Why Addicts Lie and How to Deal With It
Dealing with the lies of a loved one struggling with addiction is hard. However, it can be made a little more bearable once you gain a better understanding of why this behaviour occurs.
Having a loved one struggling with addiction is a mentally and emotionally taxing experience, to put it mildly.
Drug and alcohol addiction can turn perfectly reasonable human beings into erratic, volatile messes; in fact, no part of a sufferer’s existence is left untouched by their addiction – and their treatment of friends and family is no exception.
Constant lying is only one of the many challenging behaviours addicts exhibit, but it is the one that is most frustrating to friends and family.
Most addicts are habitual liars; however, they are not necessarily skilled liars – in fact, most lies addicts tell their friends and family aren’t fooling anyone.
Let’s look at some reasons why addicts lie.
#1 To keep using
Almost every lie an addict tells is designed to preserve their addiction. Once a person develops a substance dependency, the need to keep using overtakes any other priorities they might have held.
Whether the aim of a lie is to procure funds, free up time or simply get rid off friends and family ‘hassling’ them, the underlying cause is always to keep using.
Every addict has moments of clarity when they become aware of just how much they are hurting not just themselves, but also those closest to them, and experience intense feelings of shame and regret as a consequence.
However, as no amount of shame is going to overpower the need for drugs, the easiest option to combat shame is often to simply lie about what is going on.
By creating a more palatable version of themselves and their reality, addicts enable themselves to continue using.
#3 To avoid confrontation
Addicts are usually not good at processing emotions and dealing with conflict, especially when they know deep down that their behaviour is unacceptable.
Consequently, most addicts tend to say whatever it takes in order to end an uncomfortable conversation; they might swear that today is the day they will quit drugs or simply refuse to admit that they have used at all – and they will stick to their story until their friends and family either believe or are so frustrated they leave them be.
Addicts don’t just lie to others, they also lie to themselves.
Once a person admits to themselves that they are addicted to drugs and everything in their lives is going downhill as a result, they will need to take steps to get help; so the addicted mind turns to self-deception in order to be able to keep using.
#5 To create an alternate reality
This may sound unlikely, but many addicts lie to their friends and family in order to experience a reprieve from their desperate situation.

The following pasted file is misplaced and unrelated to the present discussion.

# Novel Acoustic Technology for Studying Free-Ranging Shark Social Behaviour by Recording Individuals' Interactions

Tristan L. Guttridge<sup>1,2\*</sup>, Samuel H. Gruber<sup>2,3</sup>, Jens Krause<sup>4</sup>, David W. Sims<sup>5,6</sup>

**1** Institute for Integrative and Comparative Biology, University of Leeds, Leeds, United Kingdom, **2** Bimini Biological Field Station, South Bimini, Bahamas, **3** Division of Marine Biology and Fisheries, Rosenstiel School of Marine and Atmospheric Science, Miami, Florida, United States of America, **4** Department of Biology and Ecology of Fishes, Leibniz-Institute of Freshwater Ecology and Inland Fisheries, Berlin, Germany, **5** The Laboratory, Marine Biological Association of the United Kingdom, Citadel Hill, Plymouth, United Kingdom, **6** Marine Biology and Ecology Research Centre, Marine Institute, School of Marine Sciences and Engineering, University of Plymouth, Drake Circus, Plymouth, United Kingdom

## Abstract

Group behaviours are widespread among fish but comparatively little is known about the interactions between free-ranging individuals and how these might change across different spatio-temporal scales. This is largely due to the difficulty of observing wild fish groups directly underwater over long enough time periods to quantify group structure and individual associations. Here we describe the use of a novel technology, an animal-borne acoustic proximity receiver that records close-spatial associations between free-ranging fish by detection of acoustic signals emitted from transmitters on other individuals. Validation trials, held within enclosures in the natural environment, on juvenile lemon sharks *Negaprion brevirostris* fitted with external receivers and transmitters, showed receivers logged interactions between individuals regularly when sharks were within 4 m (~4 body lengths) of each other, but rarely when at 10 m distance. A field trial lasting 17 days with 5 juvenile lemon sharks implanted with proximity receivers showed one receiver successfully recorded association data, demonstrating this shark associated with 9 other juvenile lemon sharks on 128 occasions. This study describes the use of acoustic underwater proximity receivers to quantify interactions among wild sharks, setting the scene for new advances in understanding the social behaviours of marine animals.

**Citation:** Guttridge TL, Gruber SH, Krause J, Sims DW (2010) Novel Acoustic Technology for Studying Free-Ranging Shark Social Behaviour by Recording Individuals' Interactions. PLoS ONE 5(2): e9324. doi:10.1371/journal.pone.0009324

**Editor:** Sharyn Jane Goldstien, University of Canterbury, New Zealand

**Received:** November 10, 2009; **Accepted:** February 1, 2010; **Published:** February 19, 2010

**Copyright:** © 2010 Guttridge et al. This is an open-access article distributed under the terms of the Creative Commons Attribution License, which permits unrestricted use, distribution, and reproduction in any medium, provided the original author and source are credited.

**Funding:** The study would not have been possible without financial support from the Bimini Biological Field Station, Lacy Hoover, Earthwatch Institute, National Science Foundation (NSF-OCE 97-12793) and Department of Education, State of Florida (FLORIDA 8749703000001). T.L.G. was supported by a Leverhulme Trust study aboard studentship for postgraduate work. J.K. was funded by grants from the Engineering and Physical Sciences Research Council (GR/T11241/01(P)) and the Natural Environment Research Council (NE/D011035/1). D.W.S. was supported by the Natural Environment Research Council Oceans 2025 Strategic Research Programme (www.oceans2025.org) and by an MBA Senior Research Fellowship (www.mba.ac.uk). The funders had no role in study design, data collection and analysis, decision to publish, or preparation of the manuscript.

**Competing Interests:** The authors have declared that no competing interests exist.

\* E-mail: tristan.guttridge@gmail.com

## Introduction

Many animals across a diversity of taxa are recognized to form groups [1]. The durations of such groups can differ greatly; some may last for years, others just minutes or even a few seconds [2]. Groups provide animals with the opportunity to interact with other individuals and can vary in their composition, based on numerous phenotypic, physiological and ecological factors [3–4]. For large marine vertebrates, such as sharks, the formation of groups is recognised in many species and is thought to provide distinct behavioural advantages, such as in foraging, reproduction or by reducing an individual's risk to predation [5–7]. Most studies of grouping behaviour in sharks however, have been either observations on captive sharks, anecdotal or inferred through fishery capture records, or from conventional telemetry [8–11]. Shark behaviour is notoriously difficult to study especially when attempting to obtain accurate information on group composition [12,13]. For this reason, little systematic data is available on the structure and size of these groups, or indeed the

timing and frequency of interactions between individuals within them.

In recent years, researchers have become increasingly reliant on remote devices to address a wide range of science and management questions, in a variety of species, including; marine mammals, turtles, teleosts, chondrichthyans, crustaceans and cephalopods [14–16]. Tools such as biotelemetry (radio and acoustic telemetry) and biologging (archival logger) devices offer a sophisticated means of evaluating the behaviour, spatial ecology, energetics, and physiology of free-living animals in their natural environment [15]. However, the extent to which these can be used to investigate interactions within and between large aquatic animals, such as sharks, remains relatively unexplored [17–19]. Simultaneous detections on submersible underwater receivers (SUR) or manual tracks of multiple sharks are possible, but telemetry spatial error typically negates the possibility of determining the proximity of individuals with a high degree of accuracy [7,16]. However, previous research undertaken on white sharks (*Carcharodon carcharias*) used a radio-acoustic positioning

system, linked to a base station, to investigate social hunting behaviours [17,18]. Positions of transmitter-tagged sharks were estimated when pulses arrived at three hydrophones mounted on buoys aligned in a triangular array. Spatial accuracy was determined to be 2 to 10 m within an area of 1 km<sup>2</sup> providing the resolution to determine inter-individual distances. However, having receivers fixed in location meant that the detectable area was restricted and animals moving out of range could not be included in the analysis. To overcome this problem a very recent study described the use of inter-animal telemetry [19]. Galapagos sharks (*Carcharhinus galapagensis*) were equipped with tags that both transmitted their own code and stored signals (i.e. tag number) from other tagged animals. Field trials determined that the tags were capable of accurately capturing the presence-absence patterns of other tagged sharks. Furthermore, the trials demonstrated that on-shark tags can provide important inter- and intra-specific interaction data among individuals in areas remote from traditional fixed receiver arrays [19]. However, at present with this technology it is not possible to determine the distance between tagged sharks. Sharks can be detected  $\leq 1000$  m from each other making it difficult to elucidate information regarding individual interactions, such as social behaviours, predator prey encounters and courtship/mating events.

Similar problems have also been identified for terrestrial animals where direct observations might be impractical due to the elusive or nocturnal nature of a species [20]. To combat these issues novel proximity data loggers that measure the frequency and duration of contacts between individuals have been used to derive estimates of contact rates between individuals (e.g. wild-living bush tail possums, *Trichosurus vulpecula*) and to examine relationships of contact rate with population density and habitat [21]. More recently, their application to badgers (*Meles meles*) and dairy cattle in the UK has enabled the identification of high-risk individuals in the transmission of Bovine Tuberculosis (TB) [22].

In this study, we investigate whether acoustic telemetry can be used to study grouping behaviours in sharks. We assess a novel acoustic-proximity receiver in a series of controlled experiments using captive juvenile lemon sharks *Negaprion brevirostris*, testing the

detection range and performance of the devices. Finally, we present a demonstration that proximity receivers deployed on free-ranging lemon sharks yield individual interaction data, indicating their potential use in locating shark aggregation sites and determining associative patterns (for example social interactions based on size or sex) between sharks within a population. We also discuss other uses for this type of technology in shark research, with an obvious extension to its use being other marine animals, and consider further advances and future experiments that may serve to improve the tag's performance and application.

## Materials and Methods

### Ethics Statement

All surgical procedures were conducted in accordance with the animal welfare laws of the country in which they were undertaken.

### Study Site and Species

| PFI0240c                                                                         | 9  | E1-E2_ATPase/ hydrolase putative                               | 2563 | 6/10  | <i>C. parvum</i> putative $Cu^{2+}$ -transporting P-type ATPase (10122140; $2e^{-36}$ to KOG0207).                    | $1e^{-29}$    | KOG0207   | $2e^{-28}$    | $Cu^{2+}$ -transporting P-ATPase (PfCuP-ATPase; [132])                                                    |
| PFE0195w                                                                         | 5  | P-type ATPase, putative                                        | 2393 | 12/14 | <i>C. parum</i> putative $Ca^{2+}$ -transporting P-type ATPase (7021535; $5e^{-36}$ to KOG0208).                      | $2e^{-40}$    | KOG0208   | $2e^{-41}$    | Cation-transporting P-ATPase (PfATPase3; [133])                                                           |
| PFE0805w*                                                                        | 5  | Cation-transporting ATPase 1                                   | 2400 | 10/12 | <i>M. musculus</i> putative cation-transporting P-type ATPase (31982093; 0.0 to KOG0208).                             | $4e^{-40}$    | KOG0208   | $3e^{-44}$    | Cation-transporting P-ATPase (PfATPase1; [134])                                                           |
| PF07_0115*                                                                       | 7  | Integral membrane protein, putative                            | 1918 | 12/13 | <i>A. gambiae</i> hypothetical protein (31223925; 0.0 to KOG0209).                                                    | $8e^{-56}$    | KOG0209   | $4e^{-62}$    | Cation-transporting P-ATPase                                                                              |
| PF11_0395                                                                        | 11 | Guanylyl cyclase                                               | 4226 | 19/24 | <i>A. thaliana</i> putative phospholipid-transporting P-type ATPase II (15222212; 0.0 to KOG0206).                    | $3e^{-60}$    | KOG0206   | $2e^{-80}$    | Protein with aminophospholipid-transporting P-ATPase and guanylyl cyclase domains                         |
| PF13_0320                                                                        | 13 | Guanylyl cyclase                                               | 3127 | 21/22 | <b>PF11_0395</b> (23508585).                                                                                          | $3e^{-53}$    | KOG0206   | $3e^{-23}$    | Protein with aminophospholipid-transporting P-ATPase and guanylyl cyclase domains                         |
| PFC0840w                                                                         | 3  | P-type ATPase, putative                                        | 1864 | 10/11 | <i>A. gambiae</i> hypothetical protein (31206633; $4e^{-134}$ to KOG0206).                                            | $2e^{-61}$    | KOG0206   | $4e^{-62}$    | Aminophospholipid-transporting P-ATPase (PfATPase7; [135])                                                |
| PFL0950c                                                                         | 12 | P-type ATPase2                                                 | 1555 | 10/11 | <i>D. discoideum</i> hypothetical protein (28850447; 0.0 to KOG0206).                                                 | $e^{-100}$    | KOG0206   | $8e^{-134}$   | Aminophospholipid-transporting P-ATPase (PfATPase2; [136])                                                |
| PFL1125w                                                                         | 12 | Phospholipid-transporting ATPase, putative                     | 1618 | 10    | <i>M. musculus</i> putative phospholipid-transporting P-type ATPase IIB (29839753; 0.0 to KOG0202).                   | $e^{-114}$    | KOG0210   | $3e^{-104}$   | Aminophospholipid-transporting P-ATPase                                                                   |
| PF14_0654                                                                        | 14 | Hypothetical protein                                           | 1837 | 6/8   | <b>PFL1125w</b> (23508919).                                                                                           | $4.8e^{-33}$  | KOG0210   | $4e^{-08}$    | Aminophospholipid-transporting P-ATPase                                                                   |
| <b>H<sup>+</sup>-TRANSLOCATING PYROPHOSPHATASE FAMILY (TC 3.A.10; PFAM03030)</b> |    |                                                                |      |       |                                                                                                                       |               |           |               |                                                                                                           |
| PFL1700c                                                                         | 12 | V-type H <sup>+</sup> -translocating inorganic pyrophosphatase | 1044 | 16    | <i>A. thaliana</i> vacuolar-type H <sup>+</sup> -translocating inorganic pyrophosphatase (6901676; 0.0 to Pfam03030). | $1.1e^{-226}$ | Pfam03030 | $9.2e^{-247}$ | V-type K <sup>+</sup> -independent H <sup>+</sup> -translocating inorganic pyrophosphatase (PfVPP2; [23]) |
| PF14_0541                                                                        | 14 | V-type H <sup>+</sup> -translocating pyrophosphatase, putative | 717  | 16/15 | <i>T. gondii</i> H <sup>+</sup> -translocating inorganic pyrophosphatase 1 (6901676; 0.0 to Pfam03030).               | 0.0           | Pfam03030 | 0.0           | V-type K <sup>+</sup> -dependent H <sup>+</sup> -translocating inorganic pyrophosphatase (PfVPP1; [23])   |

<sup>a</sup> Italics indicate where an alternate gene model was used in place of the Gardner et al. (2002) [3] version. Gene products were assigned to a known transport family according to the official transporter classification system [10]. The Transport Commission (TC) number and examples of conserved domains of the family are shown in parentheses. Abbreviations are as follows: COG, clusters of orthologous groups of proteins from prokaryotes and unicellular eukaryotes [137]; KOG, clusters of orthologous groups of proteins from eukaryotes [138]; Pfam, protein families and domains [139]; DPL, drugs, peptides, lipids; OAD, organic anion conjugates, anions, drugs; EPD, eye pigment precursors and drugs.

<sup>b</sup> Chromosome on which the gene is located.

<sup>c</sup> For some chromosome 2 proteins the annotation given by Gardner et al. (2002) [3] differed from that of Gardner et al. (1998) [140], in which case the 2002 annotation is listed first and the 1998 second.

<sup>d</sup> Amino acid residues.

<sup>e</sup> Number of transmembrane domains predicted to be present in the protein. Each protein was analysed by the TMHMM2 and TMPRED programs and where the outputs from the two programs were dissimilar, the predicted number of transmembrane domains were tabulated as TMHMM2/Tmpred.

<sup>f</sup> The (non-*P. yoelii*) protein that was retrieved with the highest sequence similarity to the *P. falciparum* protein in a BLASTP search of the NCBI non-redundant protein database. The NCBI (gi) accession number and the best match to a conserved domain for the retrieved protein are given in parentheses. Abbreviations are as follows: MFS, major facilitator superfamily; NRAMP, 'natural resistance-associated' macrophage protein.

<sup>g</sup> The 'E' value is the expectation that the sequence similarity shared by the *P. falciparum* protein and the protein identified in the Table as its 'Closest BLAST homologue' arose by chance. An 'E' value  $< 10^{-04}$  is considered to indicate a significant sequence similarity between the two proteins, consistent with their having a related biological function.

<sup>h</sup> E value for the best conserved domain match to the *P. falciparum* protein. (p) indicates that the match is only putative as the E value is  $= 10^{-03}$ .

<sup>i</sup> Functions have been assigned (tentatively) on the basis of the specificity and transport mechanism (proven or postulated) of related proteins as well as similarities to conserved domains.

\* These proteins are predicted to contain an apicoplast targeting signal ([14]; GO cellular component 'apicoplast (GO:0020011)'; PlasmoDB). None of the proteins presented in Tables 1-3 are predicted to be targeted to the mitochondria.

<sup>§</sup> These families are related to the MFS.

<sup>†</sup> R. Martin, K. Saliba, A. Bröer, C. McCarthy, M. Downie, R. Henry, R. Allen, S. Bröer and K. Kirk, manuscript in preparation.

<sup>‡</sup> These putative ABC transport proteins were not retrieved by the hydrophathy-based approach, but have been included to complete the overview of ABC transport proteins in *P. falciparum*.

Insisting that everything is fine, the bank account is full, the rent paid and that social life revolves around actual social interaction rather than scoring and using, can be oddly therapeutic.
When others believe their tales of normalcy – or are too stunned to argue – addicts get to feel ‘normal’ for lack of a better word, which is a feeling many addicts crave.
How to deal with the lies addicts tell
Now you have a better understanding of why addicts lie, let’s look at some of the best ways to deal with the lies.
#1 Don’t take it personally
We understand that this is much easier said than done. Being lied to is an offensive experience with an astonishing amount of layers.
When we are lied to, we feel disrespected, disappointed, affronted at not being trusted, worried that something in our behaviour is causing our loved one to lie to us… the list goes on.
However, addicts very rarely lie with malicious intent. Their lies are not designed to hurt your feelings or to punish you for something they feel you might have done; they are in fact completely disconnected from you.
Lies are a symptom of addiction. This does not make lying okay; however, keeping this in mind can reduce the negative emotional impact.
#2 Don’t become an enabler
There is very little point in engaging an addict in an argument when they are set on sticking to a lie; however, that does not mean you should pretend to believe them.
While you don’t need to get into a fight, it is perfectly acceptable to let your loved one know that you are aware they are being untruthful. When they begin to argue, don’t engage, simply remove yourself from the situation.
This is not easy to do, but it is preferable to both a full-on altercation and enabling them in their lying behaviour.
#3 Encourage truth
No, your behaviour is not the reason your loved one is lying to you.
That said, your reaction to moments of truthfulness can encourage or discourage an addict from confiding in you.
The best strategy is to be as non-judgemental as you can be, refrain from making threats and try to keep yourself from emotional blackmail.
When you are in a relationship with an addict (whether you are their partner, parent, friend or child) it can often feel as though they are persisting in their substance abuse because they don’t care about you.
It is important to keep in mind that addiction is an illness and once it has taken hold, the sufferers have very little control over their actions.
If you stay away from dramatic reactions, you are doing the best you can to foster a supportive atmosphere which may eventually lead your loved one to the road to recovery.
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